Ask people about Katana Kitten, the bi-level Japanese-American bar in the Greenwich Village neighborhood of New York City, and the word that comes up most often is “fun.” The second-most-frequent is “party,” as in, “It’s always party time at Katana Kitten,” according to drinks pro Maxwell Berlin. The staff “throws a party when [each guest] arrives and makes everyone feel over-the-top special,” says Camille Austin, the senior director of advocacy for Casa Lumbre Spirits.
“Yes, we throw a party,” says Masahiro “Masa” Urushido, the bar’s managing partner and its “director of deliciousness.” “But as much as we love and enjoy throwing a party, everything comes down to everyday service, and that’s what matters. We’re just doing what we’re supposed to do, you know?”
Urushido’s graciousness, humility, and winning smile are as much Katana Kitten’s trademarks as are the Japanese highballs and sandos on the menu. Although the bar is Urushido’s creation (along with co-founders Greg Boehm and James Tune), along with its drinks and even its food recipes (some of which came from his grandmother), he credits his team and even guests for the accolades that started rolling in soon after it opened in 2018.
“It’s about the team,” says Urushido. “It’s always about the team, right? It’s not about any individuals. I’m glad that what we do is being received in a very positive way, and we are grateful for that.”
Urushido takes an admittedly unconventional approach to hospitality at a bar with such a serious cocktail program, where the precision of service of Japanese bartending connects with the warmth of an American corner bar. This, not coincidentally, was the aim when opening the bar. The team’s goal was “embracing the charm of the neighborhood bar,” says Urushido. “An American dive-bar feel meets Japanese cocktails, with food inspired by traditions and rituals.”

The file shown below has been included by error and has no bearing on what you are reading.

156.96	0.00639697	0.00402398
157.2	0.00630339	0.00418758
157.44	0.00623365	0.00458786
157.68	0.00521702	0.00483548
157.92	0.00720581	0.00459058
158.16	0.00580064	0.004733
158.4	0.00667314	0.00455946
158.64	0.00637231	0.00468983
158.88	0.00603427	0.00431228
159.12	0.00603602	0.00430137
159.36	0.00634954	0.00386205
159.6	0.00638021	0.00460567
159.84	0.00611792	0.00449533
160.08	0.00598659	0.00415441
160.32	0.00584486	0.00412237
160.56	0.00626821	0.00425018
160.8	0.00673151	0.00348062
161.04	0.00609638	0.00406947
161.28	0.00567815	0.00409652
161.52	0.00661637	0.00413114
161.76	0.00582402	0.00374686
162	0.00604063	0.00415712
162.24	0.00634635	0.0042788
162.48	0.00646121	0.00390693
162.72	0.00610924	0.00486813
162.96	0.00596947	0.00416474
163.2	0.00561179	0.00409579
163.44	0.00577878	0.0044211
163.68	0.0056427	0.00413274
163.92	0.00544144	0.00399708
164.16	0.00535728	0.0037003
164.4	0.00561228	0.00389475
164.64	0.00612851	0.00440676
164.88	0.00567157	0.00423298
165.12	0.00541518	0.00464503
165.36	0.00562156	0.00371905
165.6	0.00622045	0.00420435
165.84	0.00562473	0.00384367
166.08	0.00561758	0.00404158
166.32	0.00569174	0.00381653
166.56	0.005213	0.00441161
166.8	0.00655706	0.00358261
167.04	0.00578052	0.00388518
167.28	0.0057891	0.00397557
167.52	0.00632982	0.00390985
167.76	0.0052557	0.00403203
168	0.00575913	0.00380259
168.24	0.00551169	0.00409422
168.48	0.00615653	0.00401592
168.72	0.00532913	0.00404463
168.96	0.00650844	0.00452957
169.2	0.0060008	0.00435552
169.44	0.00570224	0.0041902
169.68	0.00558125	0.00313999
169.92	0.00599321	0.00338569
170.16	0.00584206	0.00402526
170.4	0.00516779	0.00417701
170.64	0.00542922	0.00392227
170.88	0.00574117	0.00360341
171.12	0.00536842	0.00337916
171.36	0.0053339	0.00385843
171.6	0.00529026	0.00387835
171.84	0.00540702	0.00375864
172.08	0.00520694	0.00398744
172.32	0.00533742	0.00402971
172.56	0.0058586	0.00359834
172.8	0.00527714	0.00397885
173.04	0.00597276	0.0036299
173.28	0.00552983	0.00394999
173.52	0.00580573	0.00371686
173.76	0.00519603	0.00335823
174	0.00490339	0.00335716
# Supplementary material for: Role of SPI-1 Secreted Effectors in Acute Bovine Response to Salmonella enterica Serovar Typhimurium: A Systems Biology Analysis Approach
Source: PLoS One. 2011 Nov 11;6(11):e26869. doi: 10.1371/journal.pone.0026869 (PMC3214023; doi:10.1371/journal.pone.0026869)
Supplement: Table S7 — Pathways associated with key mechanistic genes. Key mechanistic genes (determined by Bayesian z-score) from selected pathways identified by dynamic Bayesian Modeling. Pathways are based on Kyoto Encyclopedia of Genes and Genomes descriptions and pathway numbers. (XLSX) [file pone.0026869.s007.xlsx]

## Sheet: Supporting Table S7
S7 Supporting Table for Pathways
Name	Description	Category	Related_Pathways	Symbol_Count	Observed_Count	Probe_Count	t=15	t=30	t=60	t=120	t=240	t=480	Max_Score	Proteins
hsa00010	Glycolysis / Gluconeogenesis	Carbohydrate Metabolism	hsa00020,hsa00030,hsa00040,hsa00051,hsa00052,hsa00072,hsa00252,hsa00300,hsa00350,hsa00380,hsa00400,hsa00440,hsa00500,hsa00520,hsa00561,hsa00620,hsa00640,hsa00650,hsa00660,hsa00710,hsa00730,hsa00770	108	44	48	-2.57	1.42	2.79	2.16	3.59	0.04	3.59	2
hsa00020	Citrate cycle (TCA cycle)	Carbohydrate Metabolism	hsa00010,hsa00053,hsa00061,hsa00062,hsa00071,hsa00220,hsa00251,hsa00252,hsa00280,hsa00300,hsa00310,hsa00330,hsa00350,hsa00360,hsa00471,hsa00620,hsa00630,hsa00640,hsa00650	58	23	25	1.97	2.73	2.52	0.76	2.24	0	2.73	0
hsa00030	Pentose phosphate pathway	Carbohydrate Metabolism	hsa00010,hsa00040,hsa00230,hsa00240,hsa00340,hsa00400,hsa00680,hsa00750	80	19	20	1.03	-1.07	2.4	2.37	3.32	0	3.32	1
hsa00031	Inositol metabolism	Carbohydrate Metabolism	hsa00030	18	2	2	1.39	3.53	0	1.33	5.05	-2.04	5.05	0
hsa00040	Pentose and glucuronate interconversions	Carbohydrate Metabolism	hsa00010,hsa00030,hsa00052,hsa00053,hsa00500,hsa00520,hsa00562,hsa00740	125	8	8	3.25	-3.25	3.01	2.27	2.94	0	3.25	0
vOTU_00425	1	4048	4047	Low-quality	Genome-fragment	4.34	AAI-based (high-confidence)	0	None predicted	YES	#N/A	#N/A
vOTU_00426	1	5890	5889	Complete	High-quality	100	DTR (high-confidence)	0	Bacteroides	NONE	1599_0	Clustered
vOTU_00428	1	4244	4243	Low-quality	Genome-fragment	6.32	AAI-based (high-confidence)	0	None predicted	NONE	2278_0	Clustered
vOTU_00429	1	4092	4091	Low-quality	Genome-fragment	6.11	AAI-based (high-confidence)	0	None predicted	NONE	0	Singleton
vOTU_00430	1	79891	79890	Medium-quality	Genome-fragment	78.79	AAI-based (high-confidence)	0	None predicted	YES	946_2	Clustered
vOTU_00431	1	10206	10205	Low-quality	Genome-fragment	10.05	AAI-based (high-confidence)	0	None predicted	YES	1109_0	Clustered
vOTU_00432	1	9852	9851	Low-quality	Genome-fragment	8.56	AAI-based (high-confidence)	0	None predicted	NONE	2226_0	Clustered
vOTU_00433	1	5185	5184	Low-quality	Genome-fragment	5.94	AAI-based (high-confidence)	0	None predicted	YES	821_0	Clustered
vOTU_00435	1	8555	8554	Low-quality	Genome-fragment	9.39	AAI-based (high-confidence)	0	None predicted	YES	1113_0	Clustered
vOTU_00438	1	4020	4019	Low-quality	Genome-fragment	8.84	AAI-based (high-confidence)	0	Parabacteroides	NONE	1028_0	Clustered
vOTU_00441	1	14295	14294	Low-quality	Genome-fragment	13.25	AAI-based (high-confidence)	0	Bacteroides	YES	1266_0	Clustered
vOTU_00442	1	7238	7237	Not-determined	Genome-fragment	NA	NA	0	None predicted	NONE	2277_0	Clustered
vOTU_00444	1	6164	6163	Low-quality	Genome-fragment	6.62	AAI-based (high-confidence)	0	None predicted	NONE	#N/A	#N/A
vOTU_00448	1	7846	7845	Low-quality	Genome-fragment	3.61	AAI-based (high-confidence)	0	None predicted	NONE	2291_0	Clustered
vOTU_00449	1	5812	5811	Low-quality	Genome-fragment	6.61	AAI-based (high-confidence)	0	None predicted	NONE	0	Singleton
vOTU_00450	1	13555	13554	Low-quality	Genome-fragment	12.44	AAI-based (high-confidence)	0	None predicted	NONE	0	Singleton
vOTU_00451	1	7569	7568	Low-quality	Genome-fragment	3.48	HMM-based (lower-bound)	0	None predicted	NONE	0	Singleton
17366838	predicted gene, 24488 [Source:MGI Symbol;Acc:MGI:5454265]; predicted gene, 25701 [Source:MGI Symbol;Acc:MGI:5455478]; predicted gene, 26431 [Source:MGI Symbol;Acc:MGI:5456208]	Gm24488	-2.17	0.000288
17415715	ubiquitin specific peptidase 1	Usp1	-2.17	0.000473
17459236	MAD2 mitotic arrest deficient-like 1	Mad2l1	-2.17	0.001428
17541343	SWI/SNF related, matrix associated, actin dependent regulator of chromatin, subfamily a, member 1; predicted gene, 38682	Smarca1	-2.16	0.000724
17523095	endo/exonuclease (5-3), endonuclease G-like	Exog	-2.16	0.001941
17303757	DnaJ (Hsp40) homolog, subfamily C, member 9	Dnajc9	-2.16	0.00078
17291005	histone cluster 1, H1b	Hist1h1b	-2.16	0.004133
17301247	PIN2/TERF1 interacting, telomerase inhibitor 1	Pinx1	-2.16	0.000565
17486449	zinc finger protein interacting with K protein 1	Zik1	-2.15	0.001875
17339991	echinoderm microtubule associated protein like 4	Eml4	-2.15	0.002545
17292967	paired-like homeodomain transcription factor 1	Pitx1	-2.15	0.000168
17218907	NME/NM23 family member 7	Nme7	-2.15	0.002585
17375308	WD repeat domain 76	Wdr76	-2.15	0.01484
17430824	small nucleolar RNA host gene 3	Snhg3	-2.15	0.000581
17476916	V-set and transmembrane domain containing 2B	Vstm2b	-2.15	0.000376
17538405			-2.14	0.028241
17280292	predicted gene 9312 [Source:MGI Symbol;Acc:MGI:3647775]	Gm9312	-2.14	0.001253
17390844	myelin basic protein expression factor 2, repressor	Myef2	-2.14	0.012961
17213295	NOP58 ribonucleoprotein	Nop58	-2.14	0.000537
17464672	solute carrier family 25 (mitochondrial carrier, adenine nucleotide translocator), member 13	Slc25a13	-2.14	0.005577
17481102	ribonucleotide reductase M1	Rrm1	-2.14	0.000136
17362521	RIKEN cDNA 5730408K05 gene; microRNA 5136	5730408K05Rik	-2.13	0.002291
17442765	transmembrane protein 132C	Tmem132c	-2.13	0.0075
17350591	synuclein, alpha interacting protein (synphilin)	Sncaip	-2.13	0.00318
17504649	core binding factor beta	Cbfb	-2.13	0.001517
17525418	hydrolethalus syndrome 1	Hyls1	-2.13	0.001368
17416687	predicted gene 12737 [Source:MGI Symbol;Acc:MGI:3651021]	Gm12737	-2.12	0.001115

“We wanted to make a very approachable bar for everyone,” Urushido continues. “Of course, it has really good drinks and food and atmosphere, but it’s really everyone’s everyday bar.” Katana Kitten has, of course, grown into much more than that in the meantime, but its casual, approachable vibe remains. In a town full of cooler-than-thou cocktail bars, Katana Kitten’s easygoing style sets it apart.
It’s a concept Katana Kitten’s guests appreciate. “It’s one of the best bars in the world, and it’s absolutely because of the hospitality,” says Caer Maiko Ferguson, the general manager of DrinkWell in Austin. “I’ve never seen any bar of this quality be able to not take itself so seriously, which makes for a seriously playful and kind environment.”
Overall, it comes down to a spirit of generosity. In his 2021 book The Japanese Art of the Cocktail, which he co-wrote with Michael Anstendig, Urushido credits the Japanese concept of omotenashi, or selfless hospitality, a constant throughout Japanese bartending. “It is about serving guests with one’s full heart and subjugating one’s ego without putting on airs or being inauthentic,” he writes.
It’s harder to describe his own approach to hospitality, says Urushido. “To me it’s more about the feeling. It’s really about relationships and the feeling that you want to do something for other people, which is nice.”